13 September 2018

The end of the beginning: The Trump situation

Donald Trump is facing legal challenges on multiple fronts: the Special Counsel investigation (which has yet to fully report), the Cohen investigation where he is already a non-charged co-conspirator and the New York investigation. There is no way he can shut any of these down now without making the situation worse for himself.

In chess, this is called zugzwang, with any move possible making the player's position worse. Trump's only reasonable move is to resign in return for no criminal charges and Donald Trump is not a reasonable man.

With mid-terms less than two months away, a Democratic takeover of the House looks very likely and the Senate is up for grabs. If the former happens, an impeachment is certain and the Republicans will have no good options - they can force Trump to resign with the loss of much of their base or keep him in power, with the loss of much of their base. While Trump is somewhat compos mentis, the 25th Amendment is not a realistic option.

We're probably stuck with Trump for the rest of this year. 2019 is a different question.

03 September 2018

Armchair Time Traveller #2: 1963 East German International Timetable

The Electronic Reading Room of the Central Intelligence Agency's Freedom of Information Act wing is a source for a lot of very interesting data from the Cold War era. What I was not expecting when I was doing research for my 1960s set spy RP game Secret '67 was to find a number of train timetables scanned and uploaded within the archives.

Anyway, I managed to find a particular gem that has become a useful resource for the game; the Summer 1963 International and Domestic Timetable for Deutsche Reichsbahn, the East German state operator.

(Reich is a German word literally meaning 'realm' or more figuratively meaning 'nation'. While most English speakers would automatically associate the word with Hitler and the Third Reich, it is not in itself a negative term, but Germany does not use the term any more for official use. Therefore the name of the company is 'German National Railways')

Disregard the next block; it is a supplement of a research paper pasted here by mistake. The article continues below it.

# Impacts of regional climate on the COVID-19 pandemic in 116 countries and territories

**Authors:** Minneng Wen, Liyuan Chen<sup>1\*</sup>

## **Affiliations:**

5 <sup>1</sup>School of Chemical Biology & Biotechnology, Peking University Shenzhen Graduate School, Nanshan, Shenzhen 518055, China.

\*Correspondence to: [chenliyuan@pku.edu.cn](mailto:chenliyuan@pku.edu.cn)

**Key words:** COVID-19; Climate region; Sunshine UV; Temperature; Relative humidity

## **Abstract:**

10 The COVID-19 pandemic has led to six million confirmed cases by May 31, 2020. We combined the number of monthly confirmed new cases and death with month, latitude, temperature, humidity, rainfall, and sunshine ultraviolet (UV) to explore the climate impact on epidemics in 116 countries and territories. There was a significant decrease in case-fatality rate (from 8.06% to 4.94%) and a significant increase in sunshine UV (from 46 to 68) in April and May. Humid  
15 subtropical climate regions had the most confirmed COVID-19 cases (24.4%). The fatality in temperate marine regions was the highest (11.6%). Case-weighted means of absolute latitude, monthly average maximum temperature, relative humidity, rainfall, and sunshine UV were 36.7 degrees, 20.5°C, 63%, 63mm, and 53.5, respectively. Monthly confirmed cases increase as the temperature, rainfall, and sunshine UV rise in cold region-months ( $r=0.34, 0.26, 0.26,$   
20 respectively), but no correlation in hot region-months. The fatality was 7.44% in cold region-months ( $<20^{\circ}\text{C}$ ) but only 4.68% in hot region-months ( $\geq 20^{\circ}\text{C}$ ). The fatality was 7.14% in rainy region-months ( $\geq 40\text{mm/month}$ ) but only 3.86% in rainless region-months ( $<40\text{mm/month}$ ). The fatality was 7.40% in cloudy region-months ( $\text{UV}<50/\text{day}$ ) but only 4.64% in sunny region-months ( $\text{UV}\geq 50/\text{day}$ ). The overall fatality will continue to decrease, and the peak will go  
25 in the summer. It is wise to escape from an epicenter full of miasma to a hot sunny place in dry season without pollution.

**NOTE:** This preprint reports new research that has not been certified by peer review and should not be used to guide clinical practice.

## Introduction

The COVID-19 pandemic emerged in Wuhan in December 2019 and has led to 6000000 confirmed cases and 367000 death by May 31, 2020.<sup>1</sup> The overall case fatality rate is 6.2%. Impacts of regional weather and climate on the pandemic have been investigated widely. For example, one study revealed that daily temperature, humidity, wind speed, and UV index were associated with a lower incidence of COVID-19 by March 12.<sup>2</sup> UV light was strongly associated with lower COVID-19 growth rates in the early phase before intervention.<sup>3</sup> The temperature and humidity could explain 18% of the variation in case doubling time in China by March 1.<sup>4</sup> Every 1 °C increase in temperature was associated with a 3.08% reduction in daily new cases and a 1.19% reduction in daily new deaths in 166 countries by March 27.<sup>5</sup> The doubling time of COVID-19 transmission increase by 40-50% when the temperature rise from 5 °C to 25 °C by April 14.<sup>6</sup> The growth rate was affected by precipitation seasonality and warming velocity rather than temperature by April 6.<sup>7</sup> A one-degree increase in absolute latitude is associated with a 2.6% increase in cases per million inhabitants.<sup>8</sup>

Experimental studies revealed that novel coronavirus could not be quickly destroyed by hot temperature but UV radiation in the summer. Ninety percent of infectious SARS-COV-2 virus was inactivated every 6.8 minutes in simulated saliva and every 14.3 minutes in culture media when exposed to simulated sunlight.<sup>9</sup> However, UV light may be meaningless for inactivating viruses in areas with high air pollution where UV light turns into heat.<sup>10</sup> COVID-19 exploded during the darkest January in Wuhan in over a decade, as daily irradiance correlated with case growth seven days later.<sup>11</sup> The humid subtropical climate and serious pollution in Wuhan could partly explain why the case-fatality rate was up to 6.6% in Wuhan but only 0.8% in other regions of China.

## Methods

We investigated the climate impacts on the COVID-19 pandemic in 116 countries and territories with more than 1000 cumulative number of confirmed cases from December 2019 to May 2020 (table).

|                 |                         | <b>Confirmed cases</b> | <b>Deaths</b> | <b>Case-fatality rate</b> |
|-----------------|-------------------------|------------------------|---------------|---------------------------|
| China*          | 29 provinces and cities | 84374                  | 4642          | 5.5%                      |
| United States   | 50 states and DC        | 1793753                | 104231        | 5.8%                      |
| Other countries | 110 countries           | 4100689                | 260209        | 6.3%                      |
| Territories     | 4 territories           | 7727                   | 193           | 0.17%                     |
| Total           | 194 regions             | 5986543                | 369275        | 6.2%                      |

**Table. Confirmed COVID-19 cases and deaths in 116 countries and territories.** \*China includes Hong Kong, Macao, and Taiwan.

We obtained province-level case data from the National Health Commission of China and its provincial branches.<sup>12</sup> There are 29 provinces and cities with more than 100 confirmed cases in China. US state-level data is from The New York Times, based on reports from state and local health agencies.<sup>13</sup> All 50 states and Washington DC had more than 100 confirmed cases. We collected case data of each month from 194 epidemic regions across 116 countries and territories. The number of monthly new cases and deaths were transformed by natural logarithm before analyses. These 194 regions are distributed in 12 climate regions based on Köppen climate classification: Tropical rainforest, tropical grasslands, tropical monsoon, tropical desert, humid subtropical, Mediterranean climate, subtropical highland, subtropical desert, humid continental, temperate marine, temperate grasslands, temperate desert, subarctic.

The document, declassified in 2011 and uploaded in 2016 only ever bore a CONFIDENTIAL classification due to the (redacted) information on the front as to the sourcing of the document. The main timetable contains nothing at all secret; being a publicly purchasable document that would have been obtained from the DR ticket office at Berlin Zoologischer Garten station in West Berlin. That's right, you didn't even need to cross over the Berlin Wall to get one.

I will be focussing solely on the international timetable for the purpose of this article.

The historical context

The idea of the Iron Curtain being some fortified barrier that one tried to cross only at one's mortal peril was true... but mostly for the people who lived on the eastern side of it. The communist governments over time became increasingly keen for the tourist dollar - and I mean the tourist dollar. Certain goods needed for their economies - and their leadership - had to be imported from the West; with Western businesses not exactly keen on taking East German marks or Soviet roubles, actual dollars or pounds were needed.

So, they were keen to advertise their nation to Western tourists who could see the socialist system in action - the parts of it that they wanted them to see at any rate. With air travel still very expensive for most, long distance train travel or driving were the common ways to get between European nations. Western tourists and visitors would need to apply for a visa of course, although you could get a day permit for East Berlin just by turning up at one of the appropriate checkpoints, such as the one at Berlin Friedrichstrasse station - more on that later.

Furthermore, Eastern Europeans could, after applying for permission, go on vacation to other countries in the Soviet bloc. A popular destination for East Germans was Czechoslovakia, which happened to be next door for one thing...

East Germany itself was still very much a land of steam. The Soviet Union had taken much of the pre-war electrification equipment and rolling stock back home as war reparations, leaving a war-battered East Germany (there were still uncleared ruins in East Berlin) reliant on rolling stock dating back to the 1920s and beyond. Track maintenance increasingly fell by the wayside, speed restrictions popped up all over the system and with a literally captive passenger base (car ownership not exactly being very high in the GDR), there was little incentive to improve.